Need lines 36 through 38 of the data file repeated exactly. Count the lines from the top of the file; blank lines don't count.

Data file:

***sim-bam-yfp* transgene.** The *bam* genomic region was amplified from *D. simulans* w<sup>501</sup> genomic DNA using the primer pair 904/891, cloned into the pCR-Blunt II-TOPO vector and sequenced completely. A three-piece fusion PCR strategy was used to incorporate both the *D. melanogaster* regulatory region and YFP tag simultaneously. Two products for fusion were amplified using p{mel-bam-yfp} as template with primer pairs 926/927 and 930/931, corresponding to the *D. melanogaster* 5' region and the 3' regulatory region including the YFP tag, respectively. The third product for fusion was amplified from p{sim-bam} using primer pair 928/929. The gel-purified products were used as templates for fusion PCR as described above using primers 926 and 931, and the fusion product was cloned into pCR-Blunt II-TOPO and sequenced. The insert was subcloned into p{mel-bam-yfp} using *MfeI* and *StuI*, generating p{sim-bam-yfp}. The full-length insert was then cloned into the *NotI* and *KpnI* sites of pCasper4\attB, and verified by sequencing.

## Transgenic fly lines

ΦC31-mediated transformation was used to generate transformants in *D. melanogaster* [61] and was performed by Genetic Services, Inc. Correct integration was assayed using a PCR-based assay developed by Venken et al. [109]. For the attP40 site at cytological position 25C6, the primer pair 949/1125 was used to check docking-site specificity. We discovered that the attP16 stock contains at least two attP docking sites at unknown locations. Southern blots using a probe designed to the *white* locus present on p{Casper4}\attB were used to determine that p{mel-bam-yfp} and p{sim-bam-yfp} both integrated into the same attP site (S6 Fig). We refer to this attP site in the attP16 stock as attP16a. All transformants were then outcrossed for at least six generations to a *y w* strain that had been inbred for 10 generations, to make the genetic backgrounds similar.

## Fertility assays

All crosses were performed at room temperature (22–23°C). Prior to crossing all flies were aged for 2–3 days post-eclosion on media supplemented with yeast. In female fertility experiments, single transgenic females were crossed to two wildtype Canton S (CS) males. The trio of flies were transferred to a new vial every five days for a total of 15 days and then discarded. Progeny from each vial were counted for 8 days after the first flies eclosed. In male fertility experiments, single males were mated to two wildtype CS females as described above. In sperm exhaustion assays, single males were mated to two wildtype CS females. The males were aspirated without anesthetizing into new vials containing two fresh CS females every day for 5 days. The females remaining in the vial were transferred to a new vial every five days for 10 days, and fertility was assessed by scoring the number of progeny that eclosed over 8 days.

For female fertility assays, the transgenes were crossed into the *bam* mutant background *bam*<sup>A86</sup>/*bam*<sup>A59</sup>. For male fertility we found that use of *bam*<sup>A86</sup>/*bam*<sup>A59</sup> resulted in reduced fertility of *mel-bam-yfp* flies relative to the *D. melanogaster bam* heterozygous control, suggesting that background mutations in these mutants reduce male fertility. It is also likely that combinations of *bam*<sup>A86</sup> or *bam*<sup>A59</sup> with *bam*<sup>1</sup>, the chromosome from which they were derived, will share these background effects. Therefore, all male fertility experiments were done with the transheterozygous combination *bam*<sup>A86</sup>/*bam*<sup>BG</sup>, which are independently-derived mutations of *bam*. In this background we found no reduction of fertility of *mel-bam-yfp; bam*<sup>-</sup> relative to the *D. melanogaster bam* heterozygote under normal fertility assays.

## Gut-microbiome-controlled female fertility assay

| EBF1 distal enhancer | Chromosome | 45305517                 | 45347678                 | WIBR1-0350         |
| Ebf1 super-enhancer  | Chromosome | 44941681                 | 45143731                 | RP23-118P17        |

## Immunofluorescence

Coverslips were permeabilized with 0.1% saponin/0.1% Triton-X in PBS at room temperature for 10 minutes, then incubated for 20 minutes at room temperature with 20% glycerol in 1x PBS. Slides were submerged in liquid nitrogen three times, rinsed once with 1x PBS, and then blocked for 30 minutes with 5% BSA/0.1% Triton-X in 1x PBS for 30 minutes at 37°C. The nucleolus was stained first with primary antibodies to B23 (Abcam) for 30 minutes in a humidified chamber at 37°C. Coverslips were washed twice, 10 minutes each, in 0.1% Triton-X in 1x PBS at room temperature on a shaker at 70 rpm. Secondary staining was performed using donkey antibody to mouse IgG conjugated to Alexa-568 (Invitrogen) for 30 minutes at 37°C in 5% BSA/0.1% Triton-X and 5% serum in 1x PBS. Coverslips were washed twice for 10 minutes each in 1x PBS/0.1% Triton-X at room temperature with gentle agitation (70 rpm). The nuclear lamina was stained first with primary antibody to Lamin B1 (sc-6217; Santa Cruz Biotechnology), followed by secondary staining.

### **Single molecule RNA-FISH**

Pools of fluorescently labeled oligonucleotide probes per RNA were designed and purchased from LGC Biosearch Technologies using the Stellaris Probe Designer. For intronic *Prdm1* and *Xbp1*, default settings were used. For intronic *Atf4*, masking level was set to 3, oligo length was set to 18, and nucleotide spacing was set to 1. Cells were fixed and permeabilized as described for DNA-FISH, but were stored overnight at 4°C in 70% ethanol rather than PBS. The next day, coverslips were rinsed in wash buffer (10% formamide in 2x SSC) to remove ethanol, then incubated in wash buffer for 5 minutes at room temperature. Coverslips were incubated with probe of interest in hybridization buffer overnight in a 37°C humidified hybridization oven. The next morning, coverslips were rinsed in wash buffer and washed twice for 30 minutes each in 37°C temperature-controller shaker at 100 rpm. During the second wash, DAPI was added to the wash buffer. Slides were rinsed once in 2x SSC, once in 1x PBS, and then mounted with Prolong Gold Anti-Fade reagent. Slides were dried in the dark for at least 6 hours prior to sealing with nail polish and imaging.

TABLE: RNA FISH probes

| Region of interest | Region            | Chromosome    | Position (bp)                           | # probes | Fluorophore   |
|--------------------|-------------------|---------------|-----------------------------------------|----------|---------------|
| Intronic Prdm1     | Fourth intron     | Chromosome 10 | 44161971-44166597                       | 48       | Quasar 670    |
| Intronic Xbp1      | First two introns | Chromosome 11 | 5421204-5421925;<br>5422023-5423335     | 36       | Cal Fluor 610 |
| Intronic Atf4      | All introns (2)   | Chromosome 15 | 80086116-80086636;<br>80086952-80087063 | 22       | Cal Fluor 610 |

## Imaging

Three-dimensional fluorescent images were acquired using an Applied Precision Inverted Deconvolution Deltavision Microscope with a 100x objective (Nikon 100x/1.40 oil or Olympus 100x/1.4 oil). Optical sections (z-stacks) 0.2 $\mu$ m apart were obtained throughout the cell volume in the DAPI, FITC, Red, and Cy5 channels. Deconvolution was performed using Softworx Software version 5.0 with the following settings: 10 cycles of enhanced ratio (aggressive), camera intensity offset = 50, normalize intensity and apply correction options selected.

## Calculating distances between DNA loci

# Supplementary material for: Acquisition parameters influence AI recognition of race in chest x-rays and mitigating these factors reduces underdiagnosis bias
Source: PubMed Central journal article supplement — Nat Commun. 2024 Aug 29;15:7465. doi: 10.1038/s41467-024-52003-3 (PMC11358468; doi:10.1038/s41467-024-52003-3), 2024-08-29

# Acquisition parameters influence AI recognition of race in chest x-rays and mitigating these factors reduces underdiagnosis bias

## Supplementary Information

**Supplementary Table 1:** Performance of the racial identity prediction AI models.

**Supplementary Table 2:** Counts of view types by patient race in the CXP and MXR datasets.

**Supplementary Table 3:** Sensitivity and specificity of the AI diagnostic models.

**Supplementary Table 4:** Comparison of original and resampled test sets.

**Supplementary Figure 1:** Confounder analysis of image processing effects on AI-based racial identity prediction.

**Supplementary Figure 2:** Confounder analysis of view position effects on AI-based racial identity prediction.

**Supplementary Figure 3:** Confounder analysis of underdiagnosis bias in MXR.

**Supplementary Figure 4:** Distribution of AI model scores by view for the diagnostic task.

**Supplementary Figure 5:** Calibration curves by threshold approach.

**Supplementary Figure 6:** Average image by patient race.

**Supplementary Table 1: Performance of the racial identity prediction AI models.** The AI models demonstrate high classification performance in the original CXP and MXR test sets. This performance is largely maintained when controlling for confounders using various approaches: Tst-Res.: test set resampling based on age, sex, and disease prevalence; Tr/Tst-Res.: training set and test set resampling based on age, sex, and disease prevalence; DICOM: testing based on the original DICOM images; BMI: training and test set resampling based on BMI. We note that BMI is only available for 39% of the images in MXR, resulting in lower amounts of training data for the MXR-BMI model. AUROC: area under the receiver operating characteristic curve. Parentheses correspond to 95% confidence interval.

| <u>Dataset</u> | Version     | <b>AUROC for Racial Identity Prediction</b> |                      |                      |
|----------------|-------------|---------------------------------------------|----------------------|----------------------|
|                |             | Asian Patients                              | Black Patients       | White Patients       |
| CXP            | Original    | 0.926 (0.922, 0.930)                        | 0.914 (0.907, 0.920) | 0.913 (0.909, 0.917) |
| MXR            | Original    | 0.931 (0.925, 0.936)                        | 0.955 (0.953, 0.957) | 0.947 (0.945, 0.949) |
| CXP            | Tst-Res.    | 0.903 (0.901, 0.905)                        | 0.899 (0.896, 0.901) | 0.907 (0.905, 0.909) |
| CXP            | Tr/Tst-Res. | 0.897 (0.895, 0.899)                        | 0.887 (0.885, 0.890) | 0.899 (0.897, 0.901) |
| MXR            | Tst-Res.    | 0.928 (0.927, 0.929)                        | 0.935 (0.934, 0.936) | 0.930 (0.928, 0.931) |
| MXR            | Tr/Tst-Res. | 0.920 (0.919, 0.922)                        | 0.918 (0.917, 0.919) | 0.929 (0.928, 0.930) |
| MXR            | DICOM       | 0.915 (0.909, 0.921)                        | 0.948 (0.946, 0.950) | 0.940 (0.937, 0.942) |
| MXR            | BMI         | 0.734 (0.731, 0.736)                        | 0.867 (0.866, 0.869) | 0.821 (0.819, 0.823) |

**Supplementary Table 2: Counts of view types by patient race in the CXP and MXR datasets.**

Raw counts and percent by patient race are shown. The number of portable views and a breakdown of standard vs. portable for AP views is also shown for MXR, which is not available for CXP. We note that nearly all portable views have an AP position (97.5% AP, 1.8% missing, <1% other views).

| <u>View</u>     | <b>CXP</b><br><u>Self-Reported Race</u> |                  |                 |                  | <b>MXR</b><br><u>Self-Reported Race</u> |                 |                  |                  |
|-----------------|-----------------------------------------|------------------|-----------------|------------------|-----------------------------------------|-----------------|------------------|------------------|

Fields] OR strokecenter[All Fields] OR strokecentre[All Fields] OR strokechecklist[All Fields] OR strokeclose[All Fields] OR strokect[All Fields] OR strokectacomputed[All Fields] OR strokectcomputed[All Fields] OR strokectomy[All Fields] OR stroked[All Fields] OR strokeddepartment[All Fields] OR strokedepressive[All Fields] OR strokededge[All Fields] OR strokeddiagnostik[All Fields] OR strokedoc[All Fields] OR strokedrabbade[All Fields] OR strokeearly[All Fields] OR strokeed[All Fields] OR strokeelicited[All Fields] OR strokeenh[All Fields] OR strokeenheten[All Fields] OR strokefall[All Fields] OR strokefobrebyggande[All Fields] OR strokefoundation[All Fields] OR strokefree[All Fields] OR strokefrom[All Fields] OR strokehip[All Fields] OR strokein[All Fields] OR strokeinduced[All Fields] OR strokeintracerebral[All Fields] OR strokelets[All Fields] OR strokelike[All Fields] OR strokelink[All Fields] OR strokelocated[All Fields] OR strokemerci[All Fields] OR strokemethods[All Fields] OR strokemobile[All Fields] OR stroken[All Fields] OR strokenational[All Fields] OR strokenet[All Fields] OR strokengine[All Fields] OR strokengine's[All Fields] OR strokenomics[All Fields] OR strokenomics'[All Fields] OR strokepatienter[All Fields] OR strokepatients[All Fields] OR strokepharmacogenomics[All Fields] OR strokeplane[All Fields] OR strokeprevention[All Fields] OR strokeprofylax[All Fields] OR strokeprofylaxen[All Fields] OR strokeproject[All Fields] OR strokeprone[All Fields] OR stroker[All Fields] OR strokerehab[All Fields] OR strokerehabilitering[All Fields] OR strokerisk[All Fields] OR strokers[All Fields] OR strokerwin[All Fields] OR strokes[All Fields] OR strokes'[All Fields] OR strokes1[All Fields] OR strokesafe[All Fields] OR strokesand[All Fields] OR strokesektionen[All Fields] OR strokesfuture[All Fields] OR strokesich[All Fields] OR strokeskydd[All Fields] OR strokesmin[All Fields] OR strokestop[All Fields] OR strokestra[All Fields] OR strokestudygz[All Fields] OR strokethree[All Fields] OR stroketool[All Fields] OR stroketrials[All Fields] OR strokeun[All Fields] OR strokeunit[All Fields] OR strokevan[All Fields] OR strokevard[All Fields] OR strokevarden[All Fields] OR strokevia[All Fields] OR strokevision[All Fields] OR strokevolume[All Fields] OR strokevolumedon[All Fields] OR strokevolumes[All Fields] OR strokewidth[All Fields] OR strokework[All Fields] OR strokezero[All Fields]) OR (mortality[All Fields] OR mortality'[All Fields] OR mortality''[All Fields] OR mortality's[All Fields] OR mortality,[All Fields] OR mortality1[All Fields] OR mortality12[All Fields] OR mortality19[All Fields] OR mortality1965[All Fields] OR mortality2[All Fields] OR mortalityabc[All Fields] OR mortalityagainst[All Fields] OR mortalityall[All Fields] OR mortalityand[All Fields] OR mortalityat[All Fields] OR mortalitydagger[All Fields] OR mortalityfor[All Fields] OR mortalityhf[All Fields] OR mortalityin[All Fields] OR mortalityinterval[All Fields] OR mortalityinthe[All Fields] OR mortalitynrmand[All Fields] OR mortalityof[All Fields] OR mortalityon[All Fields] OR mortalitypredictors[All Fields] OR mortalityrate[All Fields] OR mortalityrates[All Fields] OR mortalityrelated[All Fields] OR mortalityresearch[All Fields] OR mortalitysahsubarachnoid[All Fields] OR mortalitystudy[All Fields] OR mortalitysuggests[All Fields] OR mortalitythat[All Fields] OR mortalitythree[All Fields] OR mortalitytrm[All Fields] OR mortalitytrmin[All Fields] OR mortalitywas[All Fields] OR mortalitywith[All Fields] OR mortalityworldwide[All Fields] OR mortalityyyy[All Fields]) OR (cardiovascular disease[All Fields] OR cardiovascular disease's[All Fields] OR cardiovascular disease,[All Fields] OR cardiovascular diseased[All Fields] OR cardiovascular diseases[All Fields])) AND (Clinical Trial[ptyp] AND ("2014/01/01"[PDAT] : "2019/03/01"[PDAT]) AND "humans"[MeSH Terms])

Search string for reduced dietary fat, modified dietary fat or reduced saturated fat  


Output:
**Supplementary Figure 6:** Average image by patient race.

**Supplementary Table 1: Performance of the racial identity prediction AI models.** The AI models demonstrate high classification performance in the original CXP and MXR test sets. This performance is largely maintained when controlling for confounders using various approaches: Tst-Res.: test set resampling based on age, sex, and disease prevalence; Tr/Tst-Res.: training set and test set resampling based on age, sex, and disease prevalence; DICOM: testing based on the original DICOM images; BMI: training and test set resampling based on BMI. We note that BMI is only available for 39% of the images in MXR, resulting in lower amounts of training data for the MXR-BMI model. AUROC: area under the receiver operating characteristic curve. Parentheses correspond to 95% confidence interval.

| <u>Dataset</u> | Version     | <b>AUROC for Racial Identity Prediction</b> |                      |                      |